First off I met Dr Nser Al Tater, a cardiologist and the general director of the hospital who welcomed me and gave me a bit of an overview of the situation. We talked most about the impact of the electricity crisis on the hospital – I’d read details recently but to hear stories along with the statistics was eye-opening. The hospital is currently reliant on generators for 16 hours/day, requiring a huge amount of expensive and increasingly unavailable fuel. The generators aren’t designed to be used so much and have previously cut out completely – Dr Al Tater told me about a cardiac surgery where the electricity cut out ten times over the course of the operation. All life support had to be continued manually while each blackout lasted. In between, surgery resumed. Similarly, a recent powercut in the neonatal ICU resulted in staff manually ventilating 12 babies until the power returned to their ventilators. Read the rest of this entry »
See Paramedics in Gaza for original post
Yesterday we visited the Ministry of Health’s ambulance depot in Gaza City. The government’s ambulance service runs alongside that of the Red Crescent, the Civil Defence, Military Medical services and some some small NGOs. The day-to-day emergency calls are predominantly responded to by the Red Crescent, but the Ministry of Health vehicles have the capacity to assist at busy periods and especially during conflicts.
They also run many community first aid trainings, health professional refresher trainings and have recently participated in some Majax (major incident) drills with other services. During quieter periods the MoH ambulances mainly run patient transfers, including taking dialysis patients to appointments, transferring between hospitals and taking patients to the Rafah and Erez border crossings for treatment abroad. They have about 30 intensive care ambulances and 67 first response vehicles, with 23 EMT-Is/nurses and 142 first responder (EMT-B) drivers. At present they are short of some nurses who have been recalled to hospital Emergency Departments due to staff shortages.
We had a long talk (and coffee) with a few different managers, who were all formerly on the road and will still get back into uniform in times of crisis. Then we had a look round some of the ambulances in the depot, talked to some of the crews and tried to get our heads round the huge issues facing the ambulance service here. In many ways, the ambulance service is a microcosm of Gaza in general. The complex problems facing it as a service are also the problems facing the wider population. There’s the huge issue of the Israeli blockade, now compounded by the political situation in Egypt. Then there’s the border closures, which leaves intubated patients waiting at the Erez crossing into Israel for hours while the medical team keeping them alive watch the oxygen and equipment batteries run down.
There’s the resulting scarcity of resources that means that the MoH ambulance have no non-rebreather masks (something that we use routinely and offhandedly back home) among many, many other items. There’s the crippled economy, a government that can’t pay its workers on time and the resulting poverty and 50% unemployment rate. Then there’s the dependence on international aid, the lack of training opportunities and inadequate infrastructure. And of course there is constant tension and violence, with occasional vast and devastating military aggression. In short, these broader issues combine in the health service to make the provision of even a basic standard of care exceptionally difficult.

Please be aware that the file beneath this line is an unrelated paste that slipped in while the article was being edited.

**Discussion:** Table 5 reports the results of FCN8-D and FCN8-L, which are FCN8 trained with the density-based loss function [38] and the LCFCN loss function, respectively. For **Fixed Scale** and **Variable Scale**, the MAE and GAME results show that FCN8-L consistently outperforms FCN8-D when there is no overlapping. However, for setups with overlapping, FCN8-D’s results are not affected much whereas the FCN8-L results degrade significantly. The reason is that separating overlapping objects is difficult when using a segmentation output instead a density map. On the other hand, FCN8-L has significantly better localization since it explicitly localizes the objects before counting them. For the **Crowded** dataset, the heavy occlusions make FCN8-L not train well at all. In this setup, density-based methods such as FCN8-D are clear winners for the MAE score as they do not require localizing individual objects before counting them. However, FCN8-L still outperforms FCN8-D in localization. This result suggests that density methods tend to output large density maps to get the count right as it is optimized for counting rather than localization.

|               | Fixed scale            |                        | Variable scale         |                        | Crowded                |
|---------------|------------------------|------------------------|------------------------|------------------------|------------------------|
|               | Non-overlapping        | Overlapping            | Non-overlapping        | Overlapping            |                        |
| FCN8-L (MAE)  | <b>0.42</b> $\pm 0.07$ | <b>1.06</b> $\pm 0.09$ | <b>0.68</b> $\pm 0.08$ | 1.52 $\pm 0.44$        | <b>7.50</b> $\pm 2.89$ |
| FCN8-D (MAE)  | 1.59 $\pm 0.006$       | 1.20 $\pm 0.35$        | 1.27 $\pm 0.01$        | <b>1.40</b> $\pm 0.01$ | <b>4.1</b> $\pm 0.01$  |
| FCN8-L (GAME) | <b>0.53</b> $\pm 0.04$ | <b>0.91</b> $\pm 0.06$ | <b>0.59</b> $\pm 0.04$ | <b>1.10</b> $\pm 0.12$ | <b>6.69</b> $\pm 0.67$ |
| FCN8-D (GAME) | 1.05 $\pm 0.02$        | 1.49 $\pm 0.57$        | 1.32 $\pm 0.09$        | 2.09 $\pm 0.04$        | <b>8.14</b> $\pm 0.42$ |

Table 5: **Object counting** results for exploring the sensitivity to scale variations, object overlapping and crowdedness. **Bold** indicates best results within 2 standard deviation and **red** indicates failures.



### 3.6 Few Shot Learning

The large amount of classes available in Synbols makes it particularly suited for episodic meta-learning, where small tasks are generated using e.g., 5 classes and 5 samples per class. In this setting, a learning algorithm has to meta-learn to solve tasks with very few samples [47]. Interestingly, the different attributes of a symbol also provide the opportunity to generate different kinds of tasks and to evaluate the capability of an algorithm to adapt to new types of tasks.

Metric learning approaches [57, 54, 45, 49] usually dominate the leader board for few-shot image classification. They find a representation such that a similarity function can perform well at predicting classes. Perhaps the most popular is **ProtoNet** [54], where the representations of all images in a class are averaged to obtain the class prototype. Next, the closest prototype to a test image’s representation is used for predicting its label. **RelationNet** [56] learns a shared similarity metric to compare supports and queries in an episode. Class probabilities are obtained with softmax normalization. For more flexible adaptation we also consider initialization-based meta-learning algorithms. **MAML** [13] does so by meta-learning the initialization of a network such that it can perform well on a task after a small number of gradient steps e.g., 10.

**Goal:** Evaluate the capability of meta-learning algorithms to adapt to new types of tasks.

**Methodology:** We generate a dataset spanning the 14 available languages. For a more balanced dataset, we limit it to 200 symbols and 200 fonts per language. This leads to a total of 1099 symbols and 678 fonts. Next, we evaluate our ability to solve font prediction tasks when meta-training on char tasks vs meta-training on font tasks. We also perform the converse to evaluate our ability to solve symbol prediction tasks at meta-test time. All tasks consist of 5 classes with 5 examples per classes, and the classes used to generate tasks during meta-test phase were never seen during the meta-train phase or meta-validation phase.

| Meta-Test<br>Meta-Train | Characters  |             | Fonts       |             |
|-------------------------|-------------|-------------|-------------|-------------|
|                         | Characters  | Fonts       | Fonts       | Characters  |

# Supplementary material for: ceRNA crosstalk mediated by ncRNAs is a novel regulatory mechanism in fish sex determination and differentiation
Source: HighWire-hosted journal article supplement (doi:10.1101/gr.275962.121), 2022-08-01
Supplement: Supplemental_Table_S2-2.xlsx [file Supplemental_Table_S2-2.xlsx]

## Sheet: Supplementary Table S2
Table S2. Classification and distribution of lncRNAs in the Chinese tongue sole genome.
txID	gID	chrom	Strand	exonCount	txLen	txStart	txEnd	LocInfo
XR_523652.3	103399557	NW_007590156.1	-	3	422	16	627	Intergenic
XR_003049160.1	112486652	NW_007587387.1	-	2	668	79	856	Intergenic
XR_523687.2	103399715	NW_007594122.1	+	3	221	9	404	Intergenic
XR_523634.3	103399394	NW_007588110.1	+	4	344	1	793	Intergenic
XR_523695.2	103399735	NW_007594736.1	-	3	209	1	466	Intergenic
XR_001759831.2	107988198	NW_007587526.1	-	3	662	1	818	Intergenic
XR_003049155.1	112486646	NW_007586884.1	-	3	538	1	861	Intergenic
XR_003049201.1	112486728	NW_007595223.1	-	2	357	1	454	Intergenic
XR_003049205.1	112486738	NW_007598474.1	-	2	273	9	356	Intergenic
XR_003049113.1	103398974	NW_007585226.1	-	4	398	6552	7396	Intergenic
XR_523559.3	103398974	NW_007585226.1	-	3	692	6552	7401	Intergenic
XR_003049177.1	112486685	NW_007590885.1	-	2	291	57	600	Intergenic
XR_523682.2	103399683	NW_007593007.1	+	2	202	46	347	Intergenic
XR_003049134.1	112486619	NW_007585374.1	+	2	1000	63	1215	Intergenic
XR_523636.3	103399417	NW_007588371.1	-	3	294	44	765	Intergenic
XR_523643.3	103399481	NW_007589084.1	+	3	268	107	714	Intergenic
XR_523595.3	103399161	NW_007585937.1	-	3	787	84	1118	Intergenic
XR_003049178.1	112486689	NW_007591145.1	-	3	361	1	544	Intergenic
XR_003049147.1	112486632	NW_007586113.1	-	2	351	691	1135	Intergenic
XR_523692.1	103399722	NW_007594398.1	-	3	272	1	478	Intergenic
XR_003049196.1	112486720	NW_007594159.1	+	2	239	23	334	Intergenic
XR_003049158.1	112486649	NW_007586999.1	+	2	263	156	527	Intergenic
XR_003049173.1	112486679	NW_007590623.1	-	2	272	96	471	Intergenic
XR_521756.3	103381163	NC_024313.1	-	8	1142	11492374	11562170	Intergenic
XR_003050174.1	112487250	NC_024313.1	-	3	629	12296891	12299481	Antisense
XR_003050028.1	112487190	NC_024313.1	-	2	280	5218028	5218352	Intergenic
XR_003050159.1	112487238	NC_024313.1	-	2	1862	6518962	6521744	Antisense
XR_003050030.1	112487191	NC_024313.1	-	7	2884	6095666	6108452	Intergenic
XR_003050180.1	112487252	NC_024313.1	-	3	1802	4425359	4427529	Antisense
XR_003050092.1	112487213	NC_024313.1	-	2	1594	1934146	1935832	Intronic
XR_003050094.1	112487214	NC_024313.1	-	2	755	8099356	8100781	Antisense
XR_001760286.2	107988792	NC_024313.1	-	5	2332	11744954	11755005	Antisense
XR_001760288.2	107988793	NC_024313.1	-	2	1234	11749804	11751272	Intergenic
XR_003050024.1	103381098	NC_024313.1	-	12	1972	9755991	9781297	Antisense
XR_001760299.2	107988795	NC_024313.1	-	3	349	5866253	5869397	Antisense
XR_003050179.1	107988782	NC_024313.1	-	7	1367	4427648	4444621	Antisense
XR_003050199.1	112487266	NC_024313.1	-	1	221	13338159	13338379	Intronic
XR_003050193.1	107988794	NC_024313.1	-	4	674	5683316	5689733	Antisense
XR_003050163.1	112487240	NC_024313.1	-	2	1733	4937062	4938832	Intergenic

Kathleen and Gillian are paramedics who work on emergency ambulances in England and New Zealand respectively. Both have previously been involved in human rights work at home and abroad, including the West Bank. In true Defend The Rescuers spirit they have arranged sabbaticals, covered their own expenses, then fundraised to bring medical kit in person to their fellow rescuers in Gaza, arriving March 9th.
They will be regularly blogging while they are there, and are now accepting donations to help cover translation and incidental costs for the training they hope to deliver to local medics whose access to skills updates is severely limited by the siege. Here is one of their first blog posts below – visit Paramedics in Gaza to become a follower and receive their news as they post…
We went to bed last night unsure as to what the situation would be today and had an uneasy sleep. Fortunately we awoke to news that while there had been airstrike retaliations by Israeli military overnight, no casualties had been reported. The situation has remained calmish throughout the day, although it appears that people are preparing for the worst.
Our day has been busy. We had the total honour of handing over a donation of medical supplies to the director of the Red Crescent in Gaza, Dr Khaleel Abu Alfol. The supplies included two complete ‘response bags’ (/ jump packs) for ambulances and a stack of miscellaneous hospital kit including stethoscopes, sphygmomanometers, ET tubes, airway adjuncts, forceps, bag valve masks, suture kits, thermometers and suctioning equipment. While it wasn’t a huge amount, we had managed to bring in equipment which is currently unavailable in Gaza; including suction handles and universal suction tubing which appeared to impress Dr Khaleel and his staff. These medical supplies will be shared through multiple departments in Al Quds hospital and will undoubtedly go to good use. At least one of the response bags will be used in an EMT training course which is beginning in a week or so. Massive thanks again to everyone who donated! We still have a stack of gear which will be shared with other organisations.
After drinking our fill of coffee we were sent off by Dr Khaleel for a tour of the nearby Red Crescent central ambulance station. We sat down for tea and an orientation with the station boss, going over their paperwork systems (essentially the same as in our own respective services) and getting to poke our heads in the dispatch room (two phones, one laptop). Then we were sent outside with a crew to have a look at an ambulance and their kit. Or at least we thought that’s what we were doing. Next thing we’re told to hurry up and jump in and we’re off under lights to a job. Read the rest of this entry »